Previously at the ICA - Events
18 Jan 2017
The Tao of Warhol, and Other Tales
This talk by Gilda Williams is an experiment in examining the art and life of artists from a spiritual perspective, from Andy Warhol to Amalia Ulman. The lecture is the second in a series of responses to the theme ‘transpersonal’, which relays states of consciousness that go beyond the limits of personal identity. This may include peak and spiritual experiences such as near death phenomena and the expansion of awareness beyond the usual remits of individuality, which may be brought on by experiences of crisis related to the spiritual, ethical and relational extremes of contemporary life.
Gilda Williams is a writer and art critic who teaches on the MFA Curating programme, Goldsmiths. Her most recent book is ON&BY Andy Warhol (MIT/Whitechapel Press, 2016). She has also authored How to Write about Contemporary Art (Thames & Hudson, 2014). Williams is a London correspondent for Artforum magazine and a member of the International Association of Art Critics. She was Editor and Commissioning Editor (from 1997) for Contemporary Art at Phaidon Press 1994-2005, where she commissioned the ‘Contemporary Artists’ monographs, ‘Themes and Movements’ series of anthologies, and other books including Salon to Biennale: Exhibitions that Made Art History (2008).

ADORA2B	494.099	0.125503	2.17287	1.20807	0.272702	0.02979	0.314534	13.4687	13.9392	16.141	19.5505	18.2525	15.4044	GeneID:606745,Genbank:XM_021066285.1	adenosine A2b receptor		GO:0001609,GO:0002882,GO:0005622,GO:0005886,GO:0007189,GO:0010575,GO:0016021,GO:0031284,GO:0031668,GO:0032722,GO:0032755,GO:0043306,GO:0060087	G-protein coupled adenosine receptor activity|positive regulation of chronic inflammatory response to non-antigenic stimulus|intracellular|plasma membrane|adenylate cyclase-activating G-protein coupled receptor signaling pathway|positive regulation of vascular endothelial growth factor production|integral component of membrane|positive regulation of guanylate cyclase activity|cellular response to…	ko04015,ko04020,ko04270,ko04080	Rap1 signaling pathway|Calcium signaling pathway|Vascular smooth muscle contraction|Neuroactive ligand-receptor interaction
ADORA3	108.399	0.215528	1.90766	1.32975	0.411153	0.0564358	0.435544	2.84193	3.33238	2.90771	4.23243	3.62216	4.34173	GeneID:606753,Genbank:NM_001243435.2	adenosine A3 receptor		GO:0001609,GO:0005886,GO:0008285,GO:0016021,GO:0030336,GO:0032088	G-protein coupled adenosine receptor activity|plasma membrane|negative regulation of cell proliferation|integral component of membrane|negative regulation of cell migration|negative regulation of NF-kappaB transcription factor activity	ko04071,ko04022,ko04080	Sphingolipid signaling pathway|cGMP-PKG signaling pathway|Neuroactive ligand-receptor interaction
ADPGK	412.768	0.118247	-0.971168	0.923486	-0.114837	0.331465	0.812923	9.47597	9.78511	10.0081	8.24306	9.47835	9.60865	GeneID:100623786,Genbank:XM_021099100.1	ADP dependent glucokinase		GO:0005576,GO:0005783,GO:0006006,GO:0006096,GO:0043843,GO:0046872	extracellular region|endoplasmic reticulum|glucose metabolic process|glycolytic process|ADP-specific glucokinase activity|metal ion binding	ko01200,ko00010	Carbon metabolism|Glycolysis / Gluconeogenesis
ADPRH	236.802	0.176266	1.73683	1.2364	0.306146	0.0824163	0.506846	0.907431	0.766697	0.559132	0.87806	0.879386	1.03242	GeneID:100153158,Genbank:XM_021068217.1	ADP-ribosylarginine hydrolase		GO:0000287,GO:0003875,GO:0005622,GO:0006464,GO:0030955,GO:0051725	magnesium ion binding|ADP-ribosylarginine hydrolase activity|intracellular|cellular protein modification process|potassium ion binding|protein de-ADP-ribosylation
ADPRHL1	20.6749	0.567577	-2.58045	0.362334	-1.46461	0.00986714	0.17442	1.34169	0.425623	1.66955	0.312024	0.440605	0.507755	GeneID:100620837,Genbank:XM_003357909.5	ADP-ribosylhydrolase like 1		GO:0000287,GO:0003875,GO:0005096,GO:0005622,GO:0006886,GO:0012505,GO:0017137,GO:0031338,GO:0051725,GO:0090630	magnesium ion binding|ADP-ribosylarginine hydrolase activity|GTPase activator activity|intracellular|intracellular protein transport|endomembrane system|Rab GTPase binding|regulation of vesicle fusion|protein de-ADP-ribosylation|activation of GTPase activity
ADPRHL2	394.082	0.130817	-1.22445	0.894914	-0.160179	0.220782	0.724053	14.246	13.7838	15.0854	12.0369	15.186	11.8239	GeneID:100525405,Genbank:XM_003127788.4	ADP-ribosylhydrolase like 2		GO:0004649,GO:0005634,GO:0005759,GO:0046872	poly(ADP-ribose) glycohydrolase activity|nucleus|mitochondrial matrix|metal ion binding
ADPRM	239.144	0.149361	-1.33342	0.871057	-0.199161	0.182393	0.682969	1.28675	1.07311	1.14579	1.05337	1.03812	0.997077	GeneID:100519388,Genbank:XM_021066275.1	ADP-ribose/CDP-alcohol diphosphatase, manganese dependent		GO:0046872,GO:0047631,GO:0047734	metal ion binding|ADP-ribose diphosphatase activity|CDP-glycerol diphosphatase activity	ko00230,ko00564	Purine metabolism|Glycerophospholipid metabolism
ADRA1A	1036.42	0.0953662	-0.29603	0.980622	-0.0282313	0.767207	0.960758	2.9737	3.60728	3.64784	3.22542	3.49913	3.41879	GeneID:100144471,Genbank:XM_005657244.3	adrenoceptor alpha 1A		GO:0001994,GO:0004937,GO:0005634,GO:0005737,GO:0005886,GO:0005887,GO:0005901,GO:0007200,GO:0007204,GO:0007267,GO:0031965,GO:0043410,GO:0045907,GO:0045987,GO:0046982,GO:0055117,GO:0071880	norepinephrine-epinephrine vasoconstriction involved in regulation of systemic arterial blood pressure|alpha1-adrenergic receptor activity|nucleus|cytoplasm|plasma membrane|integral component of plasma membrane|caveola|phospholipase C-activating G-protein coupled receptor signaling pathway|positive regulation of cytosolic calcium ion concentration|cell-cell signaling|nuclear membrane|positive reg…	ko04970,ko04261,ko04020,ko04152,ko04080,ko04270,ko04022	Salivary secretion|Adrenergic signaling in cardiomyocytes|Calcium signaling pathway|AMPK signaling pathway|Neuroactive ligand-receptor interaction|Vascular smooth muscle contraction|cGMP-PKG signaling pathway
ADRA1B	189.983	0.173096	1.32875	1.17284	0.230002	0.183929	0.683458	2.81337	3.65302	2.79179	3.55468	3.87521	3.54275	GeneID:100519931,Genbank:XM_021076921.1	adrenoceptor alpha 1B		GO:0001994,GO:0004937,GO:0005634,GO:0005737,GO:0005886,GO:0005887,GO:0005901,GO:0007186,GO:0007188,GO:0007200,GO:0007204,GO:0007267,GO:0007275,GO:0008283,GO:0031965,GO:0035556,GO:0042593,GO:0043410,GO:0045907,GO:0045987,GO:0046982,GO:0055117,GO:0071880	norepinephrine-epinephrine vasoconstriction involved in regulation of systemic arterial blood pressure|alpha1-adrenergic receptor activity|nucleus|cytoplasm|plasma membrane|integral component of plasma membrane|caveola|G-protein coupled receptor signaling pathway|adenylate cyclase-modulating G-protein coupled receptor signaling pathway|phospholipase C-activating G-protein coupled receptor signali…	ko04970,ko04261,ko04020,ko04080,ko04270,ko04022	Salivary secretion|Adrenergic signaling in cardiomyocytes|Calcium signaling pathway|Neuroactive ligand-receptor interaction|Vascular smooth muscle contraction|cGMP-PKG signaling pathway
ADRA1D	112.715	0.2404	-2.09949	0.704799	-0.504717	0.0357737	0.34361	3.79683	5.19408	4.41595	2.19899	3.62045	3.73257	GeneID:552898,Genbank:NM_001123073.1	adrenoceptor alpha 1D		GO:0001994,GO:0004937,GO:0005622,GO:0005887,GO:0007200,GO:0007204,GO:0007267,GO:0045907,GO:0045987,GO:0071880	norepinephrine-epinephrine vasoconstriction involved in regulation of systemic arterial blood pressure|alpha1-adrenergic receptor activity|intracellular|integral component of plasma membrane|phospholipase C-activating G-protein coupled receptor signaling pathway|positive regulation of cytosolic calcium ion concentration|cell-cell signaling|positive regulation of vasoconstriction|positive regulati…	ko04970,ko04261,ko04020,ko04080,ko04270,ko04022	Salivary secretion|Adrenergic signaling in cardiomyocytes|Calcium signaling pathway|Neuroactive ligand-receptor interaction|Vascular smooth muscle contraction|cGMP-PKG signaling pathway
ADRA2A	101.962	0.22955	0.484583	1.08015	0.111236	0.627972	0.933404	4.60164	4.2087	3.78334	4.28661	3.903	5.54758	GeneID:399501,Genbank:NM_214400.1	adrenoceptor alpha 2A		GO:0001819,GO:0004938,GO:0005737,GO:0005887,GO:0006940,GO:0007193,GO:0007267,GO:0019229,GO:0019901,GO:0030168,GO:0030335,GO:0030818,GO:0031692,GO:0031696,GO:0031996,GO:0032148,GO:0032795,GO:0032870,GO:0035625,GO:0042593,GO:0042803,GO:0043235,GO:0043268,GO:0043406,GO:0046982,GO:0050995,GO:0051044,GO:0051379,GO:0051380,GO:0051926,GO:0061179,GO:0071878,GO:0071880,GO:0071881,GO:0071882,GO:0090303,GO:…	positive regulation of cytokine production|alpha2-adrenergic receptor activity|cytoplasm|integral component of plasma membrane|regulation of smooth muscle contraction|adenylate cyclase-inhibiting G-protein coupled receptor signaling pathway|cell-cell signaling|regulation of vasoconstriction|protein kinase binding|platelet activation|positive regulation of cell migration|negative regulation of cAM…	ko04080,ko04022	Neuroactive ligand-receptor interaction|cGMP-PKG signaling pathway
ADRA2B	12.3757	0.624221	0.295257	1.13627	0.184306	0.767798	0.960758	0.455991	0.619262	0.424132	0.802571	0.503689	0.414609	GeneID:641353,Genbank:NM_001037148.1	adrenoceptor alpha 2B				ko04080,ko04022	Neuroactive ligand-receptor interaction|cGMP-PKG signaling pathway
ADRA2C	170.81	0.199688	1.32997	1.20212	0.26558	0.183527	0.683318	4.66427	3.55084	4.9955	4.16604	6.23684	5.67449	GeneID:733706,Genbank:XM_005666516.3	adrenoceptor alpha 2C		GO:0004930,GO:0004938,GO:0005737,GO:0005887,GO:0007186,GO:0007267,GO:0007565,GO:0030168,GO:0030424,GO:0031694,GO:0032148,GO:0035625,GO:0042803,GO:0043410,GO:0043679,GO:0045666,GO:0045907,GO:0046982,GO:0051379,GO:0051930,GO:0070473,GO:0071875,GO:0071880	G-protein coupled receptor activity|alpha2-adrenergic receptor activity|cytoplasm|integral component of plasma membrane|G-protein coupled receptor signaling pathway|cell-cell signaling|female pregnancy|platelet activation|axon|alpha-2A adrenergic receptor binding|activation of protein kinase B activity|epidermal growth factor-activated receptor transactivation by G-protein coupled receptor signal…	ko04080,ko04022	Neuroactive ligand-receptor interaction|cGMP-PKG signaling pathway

Transpersonal: art and life directives is a lecture series on the theory and application of art and design, curated and convened by Dr. Stephen Wilson. It is staged in collaboration with the ICA and the Chelsea, Camberwell and Wimbledon College of Arts postgraduate community at the University of the Arts London.
The term transpersonal explores interpersonal relationships and communities, specifically forms of relation that break down the boundaries of the self. Over the course of ten lectures, this series explores a number of directives that aim to produce techniques, crafts, states of mind and forms of awareness related to psychosocial care. Drawing on critical developments in design, psychology, feminism, dance, anthropology, art theory, robotics and media studies, the series reassesses the value of cultural expressions and experiences to reconsider these experiences as "transpersonal responsibility".